Concordia AIDS drive accelerates

Last week Concordia’s AIDS awareness campaign distributed 6,000 condoms, as a team of vigilant, young students took greater measures to raise consciousness among their university peers.

AIDS Awareness Week was held at Concordia from January 30 to February 3. The week-long program aimed at educating the student population on the spread of one of the most deadly health pandemics in world history.

Posters were handed out, students gathered to ask questions and organizers gave out free condoms at the mezzanine.

“It’s our responsibility to educate our student population about the risks of the HIV/AIDS virus that is presently ravaging our community,” said Noah Stewart, chief organizer of the AIDS Awareness Week. “If we do not take immediate measures to improve the Aids awareness campaign, the situation will escalate.”

According to Stewart, $4,000 was pledged for this year’s awareness campaign, which he thinks must be invested in a continuous education program that will raise awareness among young people.

“This will provide adequate facilities that will promote the AIDS education program,” he said.

Although student turnout throughout the week was low, the amount of condoms distributed was 6,000 on Friday. Stewart and team are planning to double the amount of condoms to be distributed next year.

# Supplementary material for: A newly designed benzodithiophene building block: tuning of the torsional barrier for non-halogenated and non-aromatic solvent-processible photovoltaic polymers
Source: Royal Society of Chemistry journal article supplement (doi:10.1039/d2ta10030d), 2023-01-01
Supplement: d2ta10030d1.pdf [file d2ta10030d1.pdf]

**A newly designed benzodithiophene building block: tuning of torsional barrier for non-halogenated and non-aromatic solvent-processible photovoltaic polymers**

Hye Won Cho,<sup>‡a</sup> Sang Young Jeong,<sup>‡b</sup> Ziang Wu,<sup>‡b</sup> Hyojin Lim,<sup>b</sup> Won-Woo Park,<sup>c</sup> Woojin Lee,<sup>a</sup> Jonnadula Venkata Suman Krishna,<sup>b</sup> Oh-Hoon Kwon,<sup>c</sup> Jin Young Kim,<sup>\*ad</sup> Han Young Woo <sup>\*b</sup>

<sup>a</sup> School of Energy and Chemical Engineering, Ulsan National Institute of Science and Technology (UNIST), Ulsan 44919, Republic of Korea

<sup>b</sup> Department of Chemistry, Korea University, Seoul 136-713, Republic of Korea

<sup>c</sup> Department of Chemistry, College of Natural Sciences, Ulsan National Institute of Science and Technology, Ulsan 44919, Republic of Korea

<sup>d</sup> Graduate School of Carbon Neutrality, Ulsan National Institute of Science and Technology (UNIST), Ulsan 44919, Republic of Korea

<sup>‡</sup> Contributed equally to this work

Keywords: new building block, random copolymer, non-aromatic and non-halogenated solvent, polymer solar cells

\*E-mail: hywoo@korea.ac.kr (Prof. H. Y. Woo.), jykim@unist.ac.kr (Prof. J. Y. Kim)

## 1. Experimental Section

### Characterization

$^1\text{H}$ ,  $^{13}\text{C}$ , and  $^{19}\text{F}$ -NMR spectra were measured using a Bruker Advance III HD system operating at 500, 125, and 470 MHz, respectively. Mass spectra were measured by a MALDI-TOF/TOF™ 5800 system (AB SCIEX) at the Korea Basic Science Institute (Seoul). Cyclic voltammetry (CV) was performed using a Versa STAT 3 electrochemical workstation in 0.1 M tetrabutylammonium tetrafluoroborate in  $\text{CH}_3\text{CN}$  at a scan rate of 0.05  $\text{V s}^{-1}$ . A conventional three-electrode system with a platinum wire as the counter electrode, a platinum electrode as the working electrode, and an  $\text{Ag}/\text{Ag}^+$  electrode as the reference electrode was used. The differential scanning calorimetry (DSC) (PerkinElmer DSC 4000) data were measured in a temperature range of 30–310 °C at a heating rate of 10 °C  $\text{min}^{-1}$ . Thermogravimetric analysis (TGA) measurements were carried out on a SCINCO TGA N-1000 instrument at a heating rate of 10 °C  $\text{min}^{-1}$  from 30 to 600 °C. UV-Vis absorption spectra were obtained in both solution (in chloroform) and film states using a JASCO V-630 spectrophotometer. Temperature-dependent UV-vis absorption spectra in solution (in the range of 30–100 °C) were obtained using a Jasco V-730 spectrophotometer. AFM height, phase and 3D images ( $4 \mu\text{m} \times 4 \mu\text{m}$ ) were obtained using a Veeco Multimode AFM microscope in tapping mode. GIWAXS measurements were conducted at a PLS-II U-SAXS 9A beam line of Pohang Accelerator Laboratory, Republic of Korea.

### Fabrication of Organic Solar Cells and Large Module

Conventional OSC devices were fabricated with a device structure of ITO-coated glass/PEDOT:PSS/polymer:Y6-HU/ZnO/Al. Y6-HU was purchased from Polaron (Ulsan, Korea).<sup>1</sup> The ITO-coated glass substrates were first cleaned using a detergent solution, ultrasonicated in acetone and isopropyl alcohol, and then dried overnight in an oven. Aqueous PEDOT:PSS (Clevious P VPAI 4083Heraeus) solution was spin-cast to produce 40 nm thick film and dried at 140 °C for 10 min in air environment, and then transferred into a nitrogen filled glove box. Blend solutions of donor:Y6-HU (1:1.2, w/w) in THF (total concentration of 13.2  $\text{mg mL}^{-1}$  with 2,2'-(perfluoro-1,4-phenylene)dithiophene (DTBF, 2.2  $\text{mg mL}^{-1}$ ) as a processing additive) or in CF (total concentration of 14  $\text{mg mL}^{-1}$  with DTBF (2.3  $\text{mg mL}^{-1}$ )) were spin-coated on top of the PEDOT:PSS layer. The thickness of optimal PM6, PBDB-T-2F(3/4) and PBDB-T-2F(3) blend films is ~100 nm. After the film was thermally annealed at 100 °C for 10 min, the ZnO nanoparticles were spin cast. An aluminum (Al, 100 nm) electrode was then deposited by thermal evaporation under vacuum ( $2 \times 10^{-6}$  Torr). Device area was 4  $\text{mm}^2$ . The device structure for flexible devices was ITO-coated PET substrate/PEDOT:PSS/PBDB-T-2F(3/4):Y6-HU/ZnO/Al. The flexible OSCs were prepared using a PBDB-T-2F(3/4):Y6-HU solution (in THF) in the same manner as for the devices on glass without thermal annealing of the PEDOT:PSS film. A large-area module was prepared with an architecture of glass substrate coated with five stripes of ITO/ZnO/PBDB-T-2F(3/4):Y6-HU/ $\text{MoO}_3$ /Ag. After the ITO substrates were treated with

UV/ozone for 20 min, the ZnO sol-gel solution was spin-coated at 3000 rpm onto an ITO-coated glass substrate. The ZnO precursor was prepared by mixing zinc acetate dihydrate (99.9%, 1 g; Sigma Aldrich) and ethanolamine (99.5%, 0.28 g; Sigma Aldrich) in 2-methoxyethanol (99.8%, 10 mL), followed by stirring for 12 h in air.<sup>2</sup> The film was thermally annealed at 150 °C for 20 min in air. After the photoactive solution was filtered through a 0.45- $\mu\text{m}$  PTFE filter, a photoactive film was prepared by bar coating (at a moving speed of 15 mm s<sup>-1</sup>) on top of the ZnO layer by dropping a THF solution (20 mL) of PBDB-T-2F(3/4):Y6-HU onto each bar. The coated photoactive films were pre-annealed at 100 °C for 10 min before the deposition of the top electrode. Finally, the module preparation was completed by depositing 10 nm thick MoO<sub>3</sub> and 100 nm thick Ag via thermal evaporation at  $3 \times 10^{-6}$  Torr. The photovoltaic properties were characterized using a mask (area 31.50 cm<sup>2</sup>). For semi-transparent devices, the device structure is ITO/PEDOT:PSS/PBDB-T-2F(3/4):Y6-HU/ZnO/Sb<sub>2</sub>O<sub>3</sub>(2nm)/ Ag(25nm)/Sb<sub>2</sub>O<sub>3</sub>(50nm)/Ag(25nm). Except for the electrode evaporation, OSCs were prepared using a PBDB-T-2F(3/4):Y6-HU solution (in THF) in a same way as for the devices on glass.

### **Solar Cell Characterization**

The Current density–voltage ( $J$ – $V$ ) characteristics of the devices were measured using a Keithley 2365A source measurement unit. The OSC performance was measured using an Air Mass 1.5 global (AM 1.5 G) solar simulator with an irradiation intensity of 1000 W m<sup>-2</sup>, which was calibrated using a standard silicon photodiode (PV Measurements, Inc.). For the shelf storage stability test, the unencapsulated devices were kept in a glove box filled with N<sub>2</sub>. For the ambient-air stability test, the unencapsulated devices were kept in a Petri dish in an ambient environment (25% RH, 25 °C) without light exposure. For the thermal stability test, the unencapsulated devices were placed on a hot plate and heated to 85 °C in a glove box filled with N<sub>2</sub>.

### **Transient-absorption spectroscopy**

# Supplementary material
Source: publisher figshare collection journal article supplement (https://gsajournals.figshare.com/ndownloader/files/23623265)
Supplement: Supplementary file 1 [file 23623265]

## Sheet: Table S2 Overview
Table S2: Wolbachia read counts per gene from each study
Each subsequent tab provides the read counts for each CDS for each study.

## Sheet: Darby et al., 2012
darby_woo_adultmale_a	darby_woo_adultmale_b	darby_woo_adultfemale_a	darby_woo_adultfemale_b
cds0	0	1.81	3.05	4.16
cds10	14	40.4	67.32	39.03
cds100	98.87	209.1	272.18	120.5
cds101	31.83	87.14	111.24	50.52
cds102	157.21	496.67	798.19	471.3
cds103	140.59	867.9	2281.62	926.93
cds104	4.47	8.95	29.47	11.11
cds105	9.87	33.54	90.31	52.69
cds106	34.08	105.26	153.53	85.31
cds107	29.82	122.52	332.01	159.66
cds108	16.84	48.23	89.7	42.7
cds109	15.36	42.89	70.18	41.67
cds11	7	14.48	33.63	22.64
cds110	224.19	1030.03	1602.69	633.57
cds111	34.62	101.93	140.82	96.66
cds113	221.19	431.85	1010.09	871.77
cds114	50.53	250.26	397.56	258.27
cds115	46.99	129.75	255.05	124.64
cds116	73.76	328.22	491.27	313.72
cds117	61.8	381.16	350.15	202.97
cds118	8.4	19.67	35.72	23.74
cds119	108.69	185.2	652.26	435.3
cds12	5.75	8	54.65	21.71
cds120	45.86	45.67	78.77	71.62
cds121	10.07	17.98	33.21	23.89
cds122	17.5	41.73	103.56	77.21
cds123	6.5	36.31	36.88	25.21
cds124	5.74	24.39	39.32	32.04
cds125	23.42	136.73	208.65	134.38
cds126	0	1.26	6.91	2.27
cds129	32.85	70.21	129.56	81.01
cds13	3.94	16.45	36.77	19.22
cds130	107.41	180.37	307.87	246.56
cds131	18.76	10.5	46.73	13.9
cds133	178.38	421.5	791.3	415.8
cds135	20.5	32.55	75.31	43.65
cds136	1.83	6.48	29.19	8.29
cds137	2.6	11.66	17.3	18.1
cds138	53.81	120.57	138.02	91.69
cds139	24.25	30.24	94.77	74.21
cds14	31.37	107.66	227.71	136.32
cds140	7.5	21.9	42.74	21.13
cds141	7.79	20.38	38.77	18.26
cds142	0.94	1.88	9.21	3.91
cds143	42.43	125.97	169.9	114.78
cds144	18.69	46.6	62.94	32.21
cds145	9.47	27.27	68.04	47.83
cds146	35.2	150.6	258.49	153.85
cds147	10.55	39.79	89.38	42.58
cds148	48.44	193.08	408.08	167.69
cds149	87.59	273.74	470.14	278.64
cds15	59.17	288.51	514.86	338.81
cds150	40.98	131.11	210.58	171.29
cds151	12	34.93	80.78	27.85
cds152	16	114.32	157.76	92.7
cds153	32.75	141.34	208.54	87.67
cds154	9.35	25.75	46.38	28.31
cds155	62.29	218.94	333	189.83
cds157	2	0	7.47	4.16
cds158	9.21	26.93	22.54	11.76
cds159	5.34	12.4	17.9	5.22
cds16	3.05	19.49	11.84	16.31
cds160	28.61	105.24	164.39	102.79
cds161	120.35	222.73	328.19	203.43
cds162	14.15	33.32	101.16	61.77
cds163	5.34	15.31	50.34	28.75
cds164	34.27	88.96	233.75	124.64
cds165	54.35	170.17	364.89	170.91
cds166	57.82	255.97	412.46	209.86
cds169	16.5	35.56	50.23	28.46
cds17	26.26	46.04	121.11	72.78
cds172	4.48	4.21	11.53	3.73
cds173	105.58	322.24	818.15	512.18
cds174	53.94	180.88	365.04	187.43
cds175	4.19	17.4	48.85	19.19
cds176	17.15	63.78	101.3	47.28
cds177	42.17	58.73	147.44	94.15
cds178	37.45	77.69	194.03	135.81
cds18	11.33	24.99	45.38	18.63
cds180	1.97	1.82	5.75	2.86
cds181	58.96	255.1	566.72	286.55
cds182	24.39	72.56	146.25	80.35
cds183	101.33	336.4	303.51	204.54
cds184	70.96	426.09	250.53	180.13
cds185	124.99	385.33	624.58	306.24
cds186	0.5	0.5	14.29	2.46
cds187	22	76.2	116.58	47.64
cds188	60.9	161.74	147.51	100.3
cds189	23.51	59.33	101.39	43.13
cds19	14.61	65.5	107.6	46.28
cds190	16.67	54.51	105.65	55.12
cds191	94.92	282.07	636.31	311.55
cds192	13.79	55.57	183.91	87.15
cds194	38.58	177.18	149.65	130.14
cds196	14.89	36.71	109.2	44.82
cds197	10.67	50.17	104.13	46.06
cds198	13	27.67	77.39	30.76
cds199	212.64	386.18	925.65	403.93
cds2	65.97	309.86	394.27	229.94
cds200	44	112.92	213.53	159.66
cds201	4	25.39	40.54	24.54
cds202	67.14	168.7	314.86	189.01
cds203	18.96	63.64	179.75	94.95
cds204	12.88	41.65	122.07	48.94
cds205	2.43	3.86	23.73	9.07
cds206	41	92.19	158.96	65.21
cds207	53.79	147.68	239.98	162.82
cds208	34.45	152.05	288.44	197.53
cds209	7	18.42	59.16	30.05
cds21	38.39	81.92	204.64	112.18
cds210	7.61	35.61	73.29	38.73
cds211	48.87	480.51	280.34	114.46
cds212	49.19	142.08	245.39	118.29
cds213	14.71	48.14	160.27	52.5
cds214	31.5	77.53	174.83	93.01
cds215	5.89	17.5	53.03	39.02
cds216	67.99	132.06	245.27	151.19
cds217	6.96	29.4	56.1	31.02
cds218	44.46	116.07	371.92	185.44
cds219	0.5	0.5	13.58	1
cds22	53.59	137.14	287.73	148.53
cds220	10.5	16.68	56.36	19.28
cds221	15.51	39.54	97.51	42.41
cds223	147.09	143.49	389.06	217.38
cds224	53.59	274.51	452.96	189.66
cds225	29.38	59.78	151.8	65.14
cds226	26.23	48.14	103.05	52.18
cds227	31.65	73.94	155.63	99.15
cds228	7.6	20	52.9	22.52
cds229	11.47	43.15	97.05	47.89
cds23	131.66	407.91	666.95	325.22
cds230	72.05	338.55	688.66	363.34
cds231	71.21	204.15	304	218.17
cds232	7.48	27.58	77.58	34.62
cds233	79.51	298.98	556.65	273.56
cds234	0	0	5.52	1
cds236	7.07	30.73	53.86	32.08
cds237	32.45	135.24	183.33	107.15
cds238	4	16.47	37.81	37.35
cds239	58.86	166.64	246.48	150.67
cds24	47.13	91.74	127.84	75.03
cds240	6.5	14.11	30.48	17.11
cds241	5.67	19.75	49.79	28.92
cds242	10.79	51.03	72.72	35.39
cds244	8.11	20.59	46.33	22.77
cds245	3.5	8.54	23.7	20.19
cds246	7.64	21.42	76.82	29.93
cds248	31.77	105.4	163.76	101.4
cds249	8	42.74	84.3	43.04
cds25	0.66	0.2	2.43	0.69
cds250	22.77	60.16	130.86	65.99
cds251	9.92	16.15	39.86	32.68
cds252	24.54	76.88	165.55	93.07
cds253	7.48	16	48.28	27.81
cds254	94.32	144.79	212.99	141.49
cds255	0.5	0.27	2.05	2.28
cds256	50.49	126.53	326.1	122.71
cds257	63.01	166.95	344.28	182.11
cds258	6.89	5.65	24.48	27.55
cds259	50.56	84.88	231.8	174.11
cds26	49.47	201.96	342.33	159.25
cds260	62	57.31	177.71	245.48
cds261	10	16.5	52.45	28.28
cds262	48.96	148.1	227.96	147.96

In Canada, critics say many Aboriginal women’s rights are being overlooked during their post-natal care period because they have AIDS. However, Canada isn’t the only nation accused of this type of negligence. It’s been reported that Garifuna people of the Caribbean shores in Central America are also being deprived access to health services.

In sub-Saharan Africa, 4 million people were infected with the virus in 1999 and numbers have continued to rise in recent years. In all, more than 23 million Africans are said to be carriers of the disease.

Discrimination is believed to be the immediate cause of the continuous spread of the disease. In South Africa, the apartheid regime has undermined the awareness effort to Black South Africans, by implementing the Employment Equity Act preventing HIV/AIDS testing by government departments.

Sheriff Sackity, a Concordia student of African origin, recalled the exclusion that many Africans face after testing positive for the disease.

“Living with AIDS in Africa meant the whole society will walk away from you, and no one will like to share or even care for you. I may say thank you, to aid organizations who have kept those affected lives going, after being neglected by their own families,” Sackity said.

Poor African countries are struggling with huge debts to the World Bank, which, along with internal conflict paving a major stumbling block for development.

Life expectancy in sub-Saharan Africa is now 47 years old. However, if HIV/AIDS hadn’t been a major factor in many deaths, the average life expectancy would rise to 62.

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